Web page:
Corals across several countries are bleaching and dying en masse from unprecedented levels of heat stress, prompting fears that an unfolding tragedy in Central America, North America and the Caribbean could become a global event.
US government scientists have confirmed reefs in Panama, Colombia, El Salvador, Costa Rica, Mexico and six countries in the Caribbean, including the Bahamas and Cuba, are suffering significant bleaching, alongside corals in Florida that began turning white almost a month ago.
The world’s ocean temperatures have been at record high levels for months.
Dr Ian Enochs, head of the coral program at Noaa’s Atlantic Oceanographic and Meteorological Laboratory, has inspected the Cheeca Rocks reef that used to be one of the healthiest and most vibrant in the Florida Keys.
“I was not prepared for what I saw there,” he said. “Every single coral I saw was affected – either bleached or severely paled. It is pretty hard to wrap your brain around. It’s a lot to handle.”
Species of soft coral were “disintegrating” in the hot water. “The tissue was falling off them,” he said.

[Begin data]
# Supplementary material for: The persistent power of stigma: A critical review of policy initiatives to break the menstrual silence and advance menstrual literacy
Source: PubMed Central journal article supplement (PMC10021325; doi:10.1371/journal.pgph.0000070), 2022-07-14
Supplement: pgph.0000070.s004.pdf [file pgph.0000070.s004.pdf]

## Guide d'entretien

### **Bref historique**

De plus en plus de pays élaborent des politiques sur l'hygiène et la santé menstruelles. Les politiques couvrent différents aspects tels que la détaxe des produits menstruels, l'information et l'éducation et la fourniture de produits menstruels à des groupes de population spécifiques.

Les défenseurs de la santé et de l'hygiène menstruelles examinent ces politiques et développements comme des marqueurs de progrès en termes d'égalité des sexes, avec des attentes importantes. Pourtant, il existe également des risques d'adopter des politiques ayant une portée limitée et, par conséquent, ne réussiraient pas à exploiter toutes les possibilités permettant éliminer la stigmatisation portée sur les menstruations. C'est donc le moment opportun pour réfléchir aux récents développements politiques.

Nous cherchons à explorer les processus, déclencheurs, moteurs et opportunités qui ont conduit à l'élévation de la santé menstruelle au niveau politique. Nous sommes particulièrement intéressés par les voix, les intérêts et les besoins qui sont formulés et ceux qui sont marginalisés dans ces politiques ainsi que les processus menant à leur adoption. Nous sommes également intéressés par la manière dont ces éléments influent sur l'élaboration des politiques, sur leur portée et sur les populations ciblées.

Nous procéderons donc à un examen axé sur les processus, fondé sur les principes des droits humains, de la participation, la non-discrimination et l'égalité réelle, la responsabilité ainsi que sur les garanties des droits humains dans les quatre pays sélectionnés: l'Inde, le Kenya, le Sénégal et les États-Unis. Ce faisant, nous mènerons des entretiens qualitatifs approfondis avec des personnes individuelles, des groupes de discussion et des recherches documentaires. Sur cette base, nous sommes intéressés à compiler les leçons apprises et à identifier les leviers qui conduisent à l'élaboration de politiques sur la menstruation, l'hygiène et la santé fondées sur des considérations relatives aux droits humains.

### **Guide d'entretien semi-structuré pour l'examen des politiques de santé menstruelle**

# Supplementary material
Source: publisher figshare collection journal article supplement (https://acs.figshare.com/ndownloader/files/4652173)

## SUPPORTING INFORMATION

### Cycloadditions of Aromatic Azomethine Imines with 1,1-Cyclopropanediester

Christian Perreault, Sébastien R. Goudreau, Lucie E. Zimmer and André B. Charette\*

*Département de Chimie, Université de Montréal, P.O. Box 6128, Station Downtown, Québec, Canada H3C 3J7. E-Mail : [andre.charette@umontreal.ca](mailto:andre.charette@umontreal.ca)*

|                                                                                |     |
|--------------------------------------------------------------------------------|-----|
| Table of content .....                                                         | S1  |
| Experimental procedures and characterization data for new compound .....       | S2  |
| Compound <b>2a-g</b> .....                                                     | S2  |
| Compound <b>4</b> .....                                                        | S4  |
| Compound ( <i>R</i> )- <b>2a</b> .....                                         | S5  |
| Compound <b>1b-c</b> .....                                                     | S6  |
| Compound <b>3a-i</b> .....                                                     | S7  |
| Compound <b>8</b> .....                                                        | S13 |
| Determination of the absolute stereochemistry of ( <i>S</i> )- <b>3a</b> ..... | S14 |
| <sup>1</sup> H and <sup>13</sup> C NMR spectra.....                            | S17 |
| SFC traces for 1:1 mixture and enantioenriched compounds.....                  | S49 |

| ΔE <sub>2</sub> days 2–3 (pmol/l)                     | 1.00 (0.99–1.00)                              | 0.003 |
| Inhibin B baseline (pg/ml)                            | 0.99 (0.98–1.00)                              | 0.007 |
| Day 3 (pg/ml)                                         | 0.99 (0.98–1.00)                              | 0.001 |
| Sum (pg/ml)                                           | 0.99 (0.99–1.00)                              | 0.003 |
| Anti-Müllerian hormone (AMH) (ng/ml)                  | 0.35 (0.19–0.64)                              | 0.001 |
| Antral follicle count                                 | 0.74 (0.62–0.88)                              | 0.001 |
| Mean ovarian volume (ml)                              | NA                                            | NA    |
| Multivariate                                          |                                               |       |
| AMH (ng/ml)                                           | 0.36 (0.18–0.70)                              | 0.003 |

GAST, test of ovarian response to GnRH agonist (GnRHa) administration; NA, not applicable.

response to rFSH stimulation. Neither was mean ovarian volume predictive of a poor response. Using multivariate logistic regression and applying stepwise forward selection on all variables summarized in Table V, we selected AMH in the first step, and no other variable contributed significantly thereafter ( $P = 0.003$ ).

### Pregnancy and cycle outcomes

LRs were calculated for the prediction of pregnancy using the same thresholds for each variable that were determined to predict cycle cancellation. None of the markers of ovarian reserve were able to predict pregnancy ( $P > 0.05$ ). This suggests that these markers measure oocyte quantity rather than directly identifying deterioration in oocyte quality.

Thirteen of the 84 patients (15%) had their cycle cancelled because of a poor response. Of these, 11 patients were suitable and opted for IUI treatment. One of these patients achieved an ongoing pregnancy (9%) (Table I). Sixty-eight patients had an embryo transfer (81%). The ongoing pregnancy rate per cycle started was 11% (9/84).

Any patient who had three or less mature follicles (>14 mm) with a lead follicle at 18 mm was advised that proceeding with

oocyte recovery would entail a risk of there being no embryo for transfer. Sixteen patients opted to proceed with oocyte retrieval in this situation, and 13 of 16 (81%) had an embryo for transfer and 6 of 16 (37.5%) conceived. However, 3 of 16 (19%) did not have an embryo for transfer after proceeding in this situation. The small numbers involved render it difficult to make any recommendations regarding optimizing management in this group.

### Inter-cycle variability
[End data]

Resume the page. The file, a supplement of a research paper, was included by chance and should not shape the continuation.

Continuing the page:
Depending on the species and the amount of heat, corals can recover from bleaching but scientists say they are more susceptible to disease and don’t reproduce as well in the years that follow.
To assess the level of heat stress accumulating on corals, scientists use a measure called degree heating weeks (DHW). For example, if a reef faces temperatures 1C above the average maximum for two weeks it is being subjected to 2DHW.
As a rule of thumb, at 8DHW reefs experience severe bleaching with a risk of mortality for some corals. Some reefs in the Florida Keys have hit 15DHW. Since the Noaa data started in 1985, the region had never seen levels above 10DHW.
From 2014 to 2017, a global mass bleaching event started in the northern hemisphere and continued on reefs in the south, including the Great Barrier Reef.
“We are looking at the unfolding of yet another global mass bleaching event,” Connolly said.
Prof Tracy Ainsworth, vice-president of the International Coral Reef Society, said the levels of heat stress facing some reefs was “unsurvivable” for corals.
“This is multiple reefs in multiple countries. There’s a concern we’re going into another massive global event,” she said.
Some corals that were at risk of death were decades old. She said the reefs become “permanently changed” from the heat. “There are decades of growth in some of these massive corals,” she said. “Once they die, they die. We can’t assume that a recovery happens because we’re now in the second decade of these events.